Law Enforcement Reform - I believe that we must insist on law enforcement reform. I grieve the recent deaths of George Floyd, Breonna Taylor, and Ahmaud Arbery. Like so many who have fallen before them, they are victims of an unhealthy system. The involvement of law enforcement personnel in their deaths is a slap in the face of their colleagues as well as all those they are sworn to protect and to serve. So is the fear of retribution, inherent in many police systems, making other officers reluctant to intervene. I believe that most law enforcement officers serve with honor and integrity. But the consequences for those who tarnish their badge are not working. Greater accountability needs to be put in place. Some assignments given to police should be assigned to others. Painful or deadly procedures that are allowed must be reviewed and modified. The purpose of policing should be reviewed. Officers who intervene and report violations have to be protected. As we think about these issues, let us be mindful of the abuse Jesus suffered at the hands of his captors.
Protests - I believe that we need to listen to the voices of those who have taken to the streets because other methods of getting our attention have not worked. I support peaceful protests and condemn the actions of those who took advantage of the protests to destroy property, steal, and hurt others. Their actions actually interfered with the protesters’ legitimate right to assemble and speak freely. The actions of those who have used force and chemical agents against peaceful protesters, including clergy, likewise interfered with those legitimate rights. We can follow the example of Bishop Mariann Budde and sit down with protesters so we can listen and, hopefully, hear what they are trying to say. We will probably learn something and find ways to do something.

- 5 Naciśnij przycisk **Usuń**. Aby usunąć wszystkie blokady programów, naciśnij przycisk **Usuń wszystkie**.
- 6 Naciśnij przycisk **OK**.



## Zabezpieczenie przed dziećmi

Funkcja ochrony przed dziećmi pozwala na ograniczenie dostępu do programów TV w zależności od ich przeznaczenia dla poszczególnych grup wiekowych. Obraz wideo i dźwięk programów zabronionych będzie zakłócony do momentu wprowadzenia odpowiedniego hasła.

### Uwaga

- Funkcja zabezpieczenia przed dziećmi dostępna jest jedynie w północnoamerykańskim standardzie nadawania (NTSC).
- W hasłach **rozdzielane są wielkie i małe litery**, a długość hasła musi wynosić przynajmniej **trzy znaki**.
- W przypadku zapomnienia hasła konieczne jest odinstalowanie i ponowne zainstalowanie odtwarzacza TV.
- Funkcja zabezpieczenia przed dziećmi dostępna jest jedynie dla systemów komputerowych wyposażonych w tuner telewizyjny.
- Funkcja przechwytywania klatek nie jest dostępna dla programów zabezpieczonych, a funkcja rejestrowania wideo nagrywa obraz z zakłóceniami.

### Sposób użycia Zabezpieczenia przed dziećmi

Inequality - I believe we must address wealth and income inequality in our society. The unequal distribution of resources exacerbates so many social problems and people of color are affected most of all. Jesus’ encounter with the rich young ruler is a reminder to Christians that we must not be possessed by our possessions. He also pointed out that “The love of money is the root of all evil.” The observation that the rich get richer and the poor get poorer is no longer an adage; it is a fact. Laws, policies, corporate governance that ignores this fact are doing great harm to our common life. Let’s work to understand and to change this.
God's Creation - I believe that human beings have to stop damaging God’s creation. We are called to be stewards of creation and to use its resources wisely. When people are allowed to do harm to creation, we all suffer and those who come after us will suffer even more. Let’s make sure those who make environmental laws and those who must abide by them take this seriously.
To Sum it Up - On the Day of Pentecost, the Sunday after George Floyd was killed, we reaffirmed our Baptismal vows.
- Will you continue in the apostles' teaching and fellowship, in the breaking of bread, and in the prayers?
- Will you persevere in resisting evil, and, whenever you fall into sin, repent and return to the Lord?
- Will you proclaim by word and example the Good News of God in Christ?